Because NFTs are property, not real currency, such transactions are taxed as barter transactions. Both the NFT buyer and an NFT seller¾not just the seller ¾have a taxable transaction when the buyer pays for an NFT with “property” such as cryptocurrency or a digital token. (Gain would be taxable if the fair market value of the cryptocurrency used to buy the NFT is greater than the taxpayer’s tax basis in that cryptocurrency.) The seller has taxable gain (or loss) equal to the difference between the seller’s tax basis and the value of the property received in payment for the NFT. (Losses are not deductible in certain situations. If the NFT is a personal transaction, loss on disposing of it might not be deductible.)
If, on the other hand, the NFT is purchased with actual currency such as US dollars, the seller has a taxable sale but the buyer does not. The seller’s gain (loss) is the difference between the NFT’s adjusted tax basis and the amount of currency used to purchase it. If the buyer uses appreciated property to buy the NFT (that is, the fair market value in the property used to buy the NFT is greater than the buyer’s tax basis), the buyer has taxable gain equal to the amount of this appreciation. The buyer’s tax basis in that property is what is relevant for tax purposes.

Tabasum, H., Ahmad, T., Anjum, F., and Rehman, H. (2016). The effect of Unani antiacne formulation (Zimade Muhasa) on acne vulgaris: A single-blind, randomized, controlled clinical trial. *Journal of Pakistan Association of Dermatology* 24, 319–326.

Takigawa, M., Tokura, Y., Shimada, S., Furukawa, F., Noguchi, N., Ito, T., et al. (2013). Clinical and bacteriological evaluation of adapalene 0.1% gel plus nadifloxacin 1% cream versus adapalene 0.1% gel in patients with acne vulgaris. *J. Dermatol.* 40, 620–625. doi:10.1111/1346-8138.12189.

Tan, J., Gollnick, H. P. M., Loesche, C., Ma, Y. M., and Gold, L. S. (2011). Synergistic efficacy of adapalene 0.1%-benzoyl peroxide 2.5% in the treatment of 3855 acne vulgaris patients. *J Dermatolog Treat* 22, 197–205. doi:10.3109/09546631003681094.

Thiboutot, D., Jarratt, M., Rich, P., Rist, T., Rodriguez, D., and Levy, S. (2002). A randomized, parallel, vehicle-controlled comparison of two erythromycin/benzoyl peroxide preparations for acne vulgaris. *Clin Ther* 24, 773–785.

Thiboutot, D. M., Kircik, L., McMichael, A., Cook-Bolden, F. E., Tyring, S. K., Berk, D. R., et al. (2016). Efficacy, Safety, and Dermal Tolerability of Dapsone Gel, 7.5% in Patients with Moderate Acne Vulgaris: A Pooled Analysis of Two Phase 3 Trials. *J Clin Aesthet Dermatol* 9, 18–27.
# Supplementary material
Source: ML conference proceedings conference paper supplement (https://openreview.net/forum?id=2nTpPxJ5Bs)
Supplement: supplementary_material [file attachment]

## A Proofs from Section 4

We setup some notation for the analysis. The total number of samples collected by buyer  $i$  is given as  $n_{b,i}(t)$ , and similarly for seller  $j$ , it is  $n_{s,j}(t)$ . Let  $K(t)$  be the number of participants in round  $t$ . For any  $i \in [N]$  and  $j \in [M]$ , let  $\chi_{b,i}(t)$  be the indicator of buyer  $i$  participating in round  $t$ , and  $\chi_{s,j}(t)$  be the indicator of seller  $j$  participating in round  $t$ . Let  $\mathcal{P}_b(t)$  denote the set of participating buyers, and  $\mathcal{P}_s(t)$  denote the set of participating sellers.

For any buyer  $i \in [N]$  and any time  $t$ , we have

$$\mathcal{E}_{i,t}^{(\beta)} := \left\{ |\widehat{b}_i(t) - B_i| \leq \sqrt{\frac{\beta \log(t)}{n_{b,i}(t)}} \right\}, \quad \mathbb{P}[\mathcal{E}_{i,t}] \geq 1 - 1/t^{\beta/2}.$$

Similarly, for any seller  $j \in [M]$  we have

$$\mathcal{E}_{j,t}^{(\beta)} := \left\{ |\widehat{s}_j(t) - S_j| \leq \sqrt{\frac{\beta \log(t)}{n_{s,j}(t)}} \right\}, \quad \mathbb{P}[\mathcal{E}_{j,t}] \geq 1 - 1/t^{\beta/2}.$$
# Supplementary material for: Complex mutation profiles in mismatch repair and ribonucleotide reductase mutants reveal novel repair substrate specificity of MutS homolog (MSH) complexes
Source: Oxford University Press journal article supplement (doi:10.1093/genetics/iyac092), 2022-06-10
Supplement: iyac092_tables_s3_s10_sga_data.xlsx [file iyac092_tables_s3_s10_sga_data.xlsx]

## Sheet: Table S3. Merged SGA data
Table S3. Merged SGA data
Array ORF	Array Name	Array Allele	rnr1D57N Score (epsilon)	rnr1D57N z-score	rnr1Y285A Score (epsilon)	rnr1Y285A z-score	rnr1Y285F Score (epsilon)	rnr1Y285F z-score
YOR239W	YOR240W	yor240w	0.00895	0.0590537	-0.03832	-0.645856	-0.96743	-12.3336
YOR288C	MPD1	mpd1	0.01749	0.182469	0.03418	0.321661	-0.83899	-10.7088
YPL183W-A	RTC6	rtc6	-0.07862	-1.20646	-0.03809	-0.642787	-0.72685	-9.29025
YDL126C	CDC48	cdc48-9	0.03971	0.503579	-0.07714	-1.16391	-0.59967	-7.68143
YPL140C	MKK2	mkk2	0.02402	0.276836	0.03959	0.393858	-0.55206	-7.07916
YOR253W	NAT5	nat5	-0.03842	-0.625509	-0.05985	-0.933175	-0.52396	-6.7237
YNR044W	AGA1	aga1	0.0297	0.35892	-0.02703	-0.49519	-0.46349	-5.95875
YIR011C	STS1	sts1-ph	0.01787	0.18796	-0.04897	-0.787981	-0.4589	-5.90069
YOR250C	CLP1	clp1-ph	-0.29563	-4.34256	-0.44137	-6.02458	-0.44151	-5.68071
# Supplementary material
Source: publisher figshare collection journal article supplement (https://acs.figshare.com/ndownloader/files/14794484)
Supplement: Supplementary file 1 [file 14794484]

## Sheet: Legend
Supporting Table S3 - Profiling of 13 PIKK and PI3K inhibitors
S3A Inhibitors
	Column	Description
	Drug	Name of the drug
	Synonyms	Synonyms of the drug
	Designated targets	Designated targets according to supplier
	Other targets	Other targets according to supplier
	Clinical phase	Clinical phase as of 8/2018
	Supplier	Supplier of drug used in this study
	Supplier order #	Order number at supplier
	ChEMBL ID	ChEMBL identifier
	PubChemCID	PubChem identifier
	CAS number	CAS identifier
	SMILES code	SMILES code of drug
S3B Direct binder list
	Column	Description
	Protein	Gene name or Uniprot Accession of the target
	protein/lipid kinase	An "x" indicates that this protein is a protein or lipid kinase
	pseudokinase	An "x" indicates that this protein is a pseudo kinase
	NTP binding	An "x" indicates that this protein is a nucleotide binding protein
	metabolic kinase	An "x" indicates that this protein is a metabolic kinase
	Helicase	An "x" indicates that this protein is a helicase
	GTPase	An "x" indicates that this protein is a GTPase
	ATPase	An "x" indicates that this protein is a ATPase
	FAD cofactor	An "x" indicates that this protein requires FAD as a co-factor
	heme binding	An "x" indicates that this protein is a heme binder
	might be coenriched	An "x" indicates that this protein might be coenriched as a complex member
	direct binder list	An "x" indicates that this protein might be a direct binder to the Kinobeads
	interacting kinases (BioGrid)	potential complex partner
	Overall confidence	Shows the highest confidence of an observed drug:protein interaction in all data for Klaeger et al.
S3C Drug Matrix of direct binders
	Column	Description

Gain or loss is treated as capital or ordinary, depending on whether the taxpayer is an investor or trader (capital), or a creator or dealer (ordinary). Ordinary losses are fully deductible; capital losses are subject to the special loss limitations that apply to capital assets. As a result, some capital losses might not be deductible. In addition, if the taxpayer holds an NFT as a personal asset, not for investment (or as part of a trade or business), losses can be permanently denied under rules that prohibit deductions for losses incurred on activities that are not engaged in for profit (Code § 183).